Although Vientiane and Luang Prabang are both on the banks of the Mekong River, the land between them is extremely mountainous, while the opposite left bank of the Mekong, composed of huge ranges separating Laos and Thailand, forms its own remote province of Sayaboury. As almost everyone’s itinerary in Laos includes the journey between Vientiane and Luang Prabang, you’re highly likely to cross this stunning terrain at some point, and there are three main options to choose from for travel between the two cities.
The quickest option is to follow Route 13 north from Vientiane through the karst mountains of Vang Vieng and up the old Royal Road through the mountains north of Kasi. Route 13 was first completed by the French in 1943, and although it was improved in the 1960s with American aid, there was very little maintenance on the road until the mid-1990s, when it was properly sealed. Until that time, this rough track of a road took at best a full 24 hours to traverse, and often as long as three days. The highway was finally completed in 1996 after years of toil by Vietnamese road workers, twenty of whom were killed by guerrillas in the process. The breathtaking mountain scenery from Kasi to Luang Prabang makes this one of the most scenic routes in all Southeast Asia.
If you don’t fancy making the ten-hour bus journey from Vientiane to Luang Prabang in one go, Vang Vieng makes an ideal stopover and is well worth an extended visit in its own right. Aside from tubing, which has earned the town notoriety in recent years, there are beautiful caves, ethnic minority villages and a host of outdoor activities to keep you busy. Phou Phanang NBCA runs close to Route 13 for 75km, but although two tracks lead into the reserve off Route 13, the NBCA is still fairly inaccessible to tourists. However, if you’re prepared to rent a four-wheel-drive vehicle or dirt bike from Vientiane, you could try a dirt track running the entire western boundary of the reserve and linking several villages.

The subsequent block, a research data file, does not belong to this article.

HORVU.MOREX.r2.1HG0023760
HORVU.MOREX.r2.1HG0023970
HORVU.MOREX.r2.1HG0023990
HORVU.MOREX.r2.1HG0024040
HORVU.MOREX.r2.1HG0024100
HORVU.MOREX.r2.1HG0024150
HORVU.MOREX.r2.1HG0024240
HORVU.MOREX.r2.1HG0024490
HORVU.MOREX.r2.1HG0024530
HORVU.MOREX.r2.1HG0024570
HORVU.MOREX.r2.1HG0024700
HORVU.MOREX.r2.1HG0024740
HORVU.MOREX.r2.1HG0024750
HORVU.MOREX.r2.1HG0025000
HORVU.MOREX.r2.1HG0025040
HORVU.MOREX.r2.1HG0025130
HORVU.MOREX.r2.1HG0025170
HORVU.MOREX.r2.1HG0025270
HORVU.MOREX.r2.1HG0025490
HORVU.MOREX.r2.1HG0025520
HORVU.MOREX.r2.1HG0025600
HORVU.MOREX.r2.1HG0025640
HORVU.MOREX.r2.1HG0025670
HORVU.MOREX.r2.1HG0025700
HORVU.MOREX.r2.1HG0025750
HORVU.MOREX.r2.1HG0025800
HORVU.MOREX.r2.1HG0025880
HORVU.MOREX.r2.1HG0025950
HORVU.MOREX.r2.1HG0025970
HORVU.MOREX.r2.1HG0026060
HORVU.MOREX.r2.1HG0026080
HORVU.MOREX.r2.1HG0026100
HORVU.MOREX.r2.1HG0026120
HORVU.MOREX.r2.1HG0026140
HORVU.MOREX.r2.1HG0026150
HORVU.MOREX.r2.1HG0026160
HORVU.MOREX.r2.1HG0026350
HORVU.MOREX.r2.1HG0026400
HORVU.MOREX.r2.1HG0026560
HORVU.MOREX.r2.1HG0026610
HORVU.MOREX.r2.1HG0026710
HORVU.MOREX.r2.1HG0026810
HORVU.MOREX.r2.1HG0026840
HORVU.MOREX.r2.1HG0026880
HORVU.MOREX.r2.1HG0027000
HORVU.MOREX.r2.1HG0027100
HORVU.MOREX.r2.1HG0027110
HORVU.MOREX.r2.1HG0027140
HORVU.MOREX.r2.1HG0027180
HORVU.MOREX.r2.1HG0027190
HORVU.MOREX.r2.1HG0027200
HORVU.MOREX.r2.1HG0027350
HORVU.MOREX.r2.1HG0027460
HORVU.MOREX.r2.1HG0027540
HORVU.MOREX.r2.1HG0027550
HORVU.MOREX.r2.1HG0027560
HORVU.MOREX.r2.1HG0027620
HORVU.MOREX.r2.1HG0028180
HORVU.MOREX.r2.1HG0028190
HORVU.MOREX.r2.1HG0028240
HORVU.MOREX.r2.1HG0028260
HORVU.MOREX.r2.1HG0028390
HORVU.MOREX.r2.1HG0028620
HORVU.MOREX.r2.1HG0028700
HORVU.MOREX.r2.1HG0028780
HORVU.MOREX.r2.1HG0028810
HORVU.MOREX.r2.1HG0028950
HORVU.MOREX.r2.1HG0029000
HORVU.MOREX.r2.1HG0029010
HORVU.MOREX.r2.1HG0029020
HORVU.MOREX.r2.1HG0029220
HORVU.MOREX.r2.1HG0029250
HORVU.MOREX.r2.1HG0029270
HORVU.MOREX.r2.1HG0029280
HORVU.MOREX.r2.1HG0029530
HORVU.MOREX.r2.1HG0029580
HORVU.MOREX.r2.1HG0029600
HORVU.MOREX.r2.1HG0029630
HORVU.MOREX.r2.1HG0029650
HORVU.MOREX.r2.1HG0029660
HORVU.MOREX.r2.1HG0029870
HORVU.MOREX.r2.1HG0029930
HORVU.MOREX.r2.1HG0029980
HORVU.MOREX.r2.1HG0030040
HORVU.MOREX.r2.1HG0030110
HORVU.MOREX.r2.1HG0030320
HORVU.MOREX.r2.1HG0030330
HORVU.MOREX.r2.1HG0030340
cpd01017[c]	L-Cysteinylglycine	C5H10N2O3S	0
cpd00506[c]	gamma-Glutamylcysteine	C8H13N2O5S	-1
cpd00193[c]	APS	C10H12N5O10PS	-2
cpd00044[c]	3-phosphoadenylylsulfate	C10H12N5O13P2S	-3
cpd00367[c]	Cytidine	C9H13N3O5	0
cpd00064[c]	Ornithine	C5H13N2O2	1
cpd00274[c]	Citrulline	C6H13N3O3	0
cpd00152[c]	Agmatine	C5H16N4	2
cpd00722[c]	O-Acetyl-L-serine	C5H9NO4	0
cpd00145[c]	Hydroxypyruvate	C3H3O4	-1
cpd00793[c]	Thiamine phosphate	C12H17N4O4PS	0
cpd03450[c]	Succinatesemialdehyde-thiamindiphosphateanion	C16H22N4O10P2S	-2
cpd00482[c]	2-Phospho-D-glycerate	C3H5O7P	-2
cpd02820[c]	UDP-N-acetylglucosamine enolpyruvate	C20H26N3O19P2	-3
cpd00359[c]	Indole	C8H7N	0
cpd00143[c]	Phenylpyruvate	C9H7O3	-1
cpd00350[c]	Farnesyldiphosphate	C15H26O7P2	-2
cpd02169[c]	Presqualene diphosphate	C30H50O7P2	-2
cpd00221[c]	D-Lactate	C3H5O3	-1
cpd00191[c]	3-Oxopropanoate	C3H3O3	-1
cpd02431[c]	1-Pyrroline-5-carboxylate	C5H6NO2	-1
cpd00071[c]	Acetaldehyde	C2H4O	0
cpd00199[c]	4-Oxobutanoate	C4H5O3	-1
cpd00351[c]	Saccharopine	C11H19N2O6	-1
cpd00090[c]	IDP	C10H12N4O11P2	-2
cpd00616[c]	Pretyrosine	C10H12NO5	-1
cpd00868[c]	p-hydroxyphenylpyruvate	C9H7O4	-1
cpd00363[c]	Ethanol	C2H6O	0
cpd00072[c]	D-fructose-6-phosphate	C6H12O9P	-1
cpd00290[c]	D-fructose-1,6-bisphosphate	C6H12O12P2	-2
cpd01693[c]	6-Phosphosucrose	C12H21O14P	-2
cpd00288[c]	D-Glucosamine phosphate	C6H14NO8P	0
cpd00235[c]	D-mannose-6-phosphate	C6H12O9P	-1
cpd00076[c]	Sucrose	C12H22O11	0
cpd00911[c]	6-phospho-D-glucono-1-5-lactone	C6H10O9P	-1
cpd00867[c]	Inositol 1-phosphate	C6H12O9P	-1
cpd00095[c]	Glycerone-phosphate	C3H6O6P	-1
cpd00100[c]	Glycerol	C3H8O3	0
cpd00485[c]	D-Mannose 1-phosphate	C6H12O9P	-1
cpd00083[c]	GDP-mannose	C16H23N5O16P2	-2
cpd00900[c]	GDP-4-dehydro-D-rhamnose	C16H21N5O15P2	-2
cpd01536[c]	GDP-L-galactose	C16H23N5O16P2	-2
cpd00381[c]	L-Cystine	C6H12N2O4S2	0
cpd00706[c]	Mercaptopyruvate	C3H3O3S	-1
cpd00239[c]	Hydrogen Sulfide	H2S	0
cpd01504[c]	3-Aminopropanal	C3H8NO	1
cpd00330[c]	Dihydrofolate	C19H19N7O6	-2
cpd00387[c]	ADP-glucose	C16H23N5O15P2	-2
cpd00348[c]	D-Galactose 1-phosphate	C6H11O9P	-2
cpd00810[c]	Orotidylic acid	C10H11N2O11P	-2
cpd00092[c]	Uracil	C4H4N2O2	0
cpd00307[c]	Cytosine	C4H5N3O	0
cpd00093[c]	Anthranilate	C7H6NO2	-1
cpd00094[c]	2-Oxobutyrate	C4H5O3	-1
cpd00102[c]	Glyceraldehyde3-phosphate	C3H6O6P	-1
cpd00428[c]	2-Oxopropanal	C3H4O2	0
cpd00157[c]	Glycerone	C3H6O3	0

The second route, a detour through Sayaboury, the sparsely populated region of rugged valleys and wild elephants on the western side of the Mekong, is more complicated, and takes you along a path well off the banana-pancake backpacker circuit. Unless you have your own four-wheel-drive vehicle, the Sayaboury route is tough, and you’ll need to travel at least part of the way by boat along the Mekong – the lack of decent roads west of the capital makes Sayaboury much more remote than it appears on maps. The third route is to travel the whole way by boat, an attractive option but requiring at least three days of travel time by slow boat, although speedboats can make the trip in a day.